1,732 patients with head and neck cancer. Evidence supporting the use of salivary substitutes or mouth care systems that help moisten oral tissues and lessen discomfort caused by dry mouth was very weak. “Our results were surprising as these products are usually considered the first line of treatment in the clinic,” she says. Only long-term administration of pilocarpine and cevimeline, two drugs that stimulate the glands to produce more saliva, significantly relieved dry mouth. Both compounds activate cell receptors that promote fluid secretion. Cevimeline specifically targets receptors found on tear and salivary glands. Thus, it produces fewer side-effects than pilocarpine, which stimulates secretory cells throughout the body including sweat glands, causing excessive sweating in patients. The duration of increased salivary flow after taking the drugs is unclear. Although patients reported feeling better after taking them, the available data suggests their efficacy was short-lived. “These results have important practical implications as clinicians managing patients with post-radiotherapy salivary gland damage should consider prescribing long-term cevimeline or pilocarpine therapy to ameliorate some of the symptoms even if the improvements are likely to have a short duration,” explains Al Hamad. A new oral medicine clinic established at King Abdulaziz Medical City will enable further investigation into the treatment of salivary gland damage and other oral lesions. Mercadante, V., Al Hamad, A., Lodi, G., Porter, S. &

Fedele, S. Interventions for the management of radi-

otherapy-induced xerostomia and hyposalivation: A systematic review and meta-analysis. Oral Oncol. 66, 64-74 (2017).

PH A N IE / A L A M Y S TO C K PH O TO

“Our results were surprising as these products are usually considered the first line of treatment in the clinic.”


Healthy cells for healthy pregnancies Activating a defence gene may reduce damage to cells involved in preeclampsia.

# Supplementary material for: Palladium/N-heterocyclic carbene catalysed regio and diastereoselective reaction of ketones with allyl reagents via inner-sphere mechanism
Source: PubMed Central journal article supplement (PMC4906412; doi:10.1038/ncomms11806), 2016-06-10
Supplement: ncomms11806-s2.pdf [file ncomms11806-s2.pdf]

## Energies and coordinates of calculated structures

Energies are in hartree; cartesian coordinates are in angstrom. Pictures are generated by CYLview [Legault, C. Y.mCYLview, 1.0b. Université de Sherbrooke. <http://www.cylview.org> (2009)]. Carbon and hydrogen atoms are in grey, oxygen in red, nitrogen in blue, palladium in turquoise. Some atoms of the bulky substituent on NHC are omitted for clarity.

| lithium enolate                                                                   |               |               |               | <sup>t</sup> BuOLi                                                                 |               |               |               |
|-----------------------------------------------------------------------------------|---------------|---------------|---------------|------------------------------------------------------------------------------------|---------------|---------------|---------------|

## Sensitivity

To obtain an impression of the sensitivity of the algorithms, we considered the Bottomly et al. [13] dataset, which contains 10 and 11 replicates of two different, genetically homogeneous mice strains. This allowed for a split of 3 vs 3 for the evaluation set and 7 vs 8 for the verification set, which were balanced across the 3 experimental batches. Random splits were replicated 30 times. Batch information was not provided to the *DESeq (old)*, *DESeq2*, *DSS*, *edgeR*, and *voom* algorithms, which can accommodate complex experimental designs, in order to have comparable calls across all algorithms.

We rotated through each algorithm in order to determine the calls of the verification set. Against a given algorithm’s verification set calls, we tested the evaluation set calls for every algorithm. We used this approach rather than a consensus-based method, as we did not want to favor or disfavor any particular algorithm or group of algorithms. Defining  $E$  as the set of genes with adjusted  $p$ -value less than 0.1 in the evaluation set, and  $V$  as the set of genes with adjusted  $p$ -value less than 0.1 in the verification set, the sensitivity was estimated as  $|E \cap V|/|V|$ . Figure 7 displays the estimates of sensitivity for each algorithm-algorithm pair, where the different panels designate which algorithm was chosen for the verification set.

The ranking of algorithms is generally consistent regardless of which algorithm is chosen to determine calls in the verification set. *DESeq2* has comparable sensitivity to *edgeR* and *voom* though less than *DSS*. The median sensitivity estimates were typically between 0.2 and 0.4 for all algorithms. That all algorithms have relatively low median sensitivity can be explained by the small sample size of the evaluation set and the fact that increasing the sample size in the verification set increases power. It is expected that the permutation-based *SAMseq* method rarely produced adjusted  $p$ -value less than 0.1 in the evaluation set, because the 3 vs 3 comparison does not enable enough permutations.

Defective stem cells in preeclampsia fail to express adequate levels of a gene that protects against oxidative damage.

defects in stem cells from preeclamptic patients might result from increased oxidative damage, causing the cells to die or reducing their ability to support the neighbouring muscle and endothelium cells. To test this, the team inactivated ALDH in healthy stem cell cultures and then challenged the cells with hydrogen peroxide, which causes oxidative stress. The engineered cells were more sensitive to hydrogen peroxide than normal cells, confirming the importance of aldehyde dehydrogenase in protecting stem cells. The engineered stem cells may prove an effective model for studying these conditions and developing new treatments. One approach would be to stimulate ALDH in the defective cells. The team evaluated three known ALDH activators. They found that two increased the expression of aldehyde dehydrogenase in preeclamptic stem cells, reducing the

damage caused by hydrogen peroxide. “That was an exciting moment, because it gave us hope that a therapy targeting this pathway could be a viable treatment,” says Mohamed Abumaree of King Saud Bin Abdulaziz University for Health Services, who took part in the study. “Restoring the resistance to oxidative stress may reduce the maternal symptoms of preeclampsia, allowing the pregnancy to continue and reducing the need for premature delivery,” he continues, adding that “searching for new strategies to reduce oxidative stress may be effective in preventing atherosclerosis and thereby cardiovascular disease.” Kusuma, G. D., Abumaree, M. H., Perkins, A. V., Brennecke, S. P., & Kalionis, B. Reduced aldehyde dehydrogenase expression in preeclamptic decidual mes-

enchymal stem/stromal cells is restored by aldehyde dehydrogenase agonists. Scientific Reports 7, 42397 (2017).

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he capacity of key stem cells to respond to oxidative stress, an accumulation of oxygen metabolism by-products, is reduced in preeclampsia. This finding could lead to the development of new treatments for diseases associated with oxidative stress, such as Alzheimer’s disease, atherosclerosis and hypertension. Preeclampsia is a pregnancy complication that can cause hypertension and impair liver and kidney function. It is thought to affect 5 to 10% of all pregnancies, and can be life threatening if left untreated. Researchers in Australia and Saudi Arabia recovered mesenchymal stem cells (MSCs) from the maternal part of the placenta of preeclamptic women and from women whose pregnancies were healthy. MSCs are adult stem cells that can differentiate into cells found in skeletal tissues. They found that the MSCs from preeclamptic women had reduced expression of the gene ALDH. MSCs normally express high levels of ALDH, responsible for encoding the enzyme aldehyde dehydrogenase, which protects cells from oxidative stress. MSCs have successfully been used to reduce oxidative stress in several diseases. The researchers suspected that the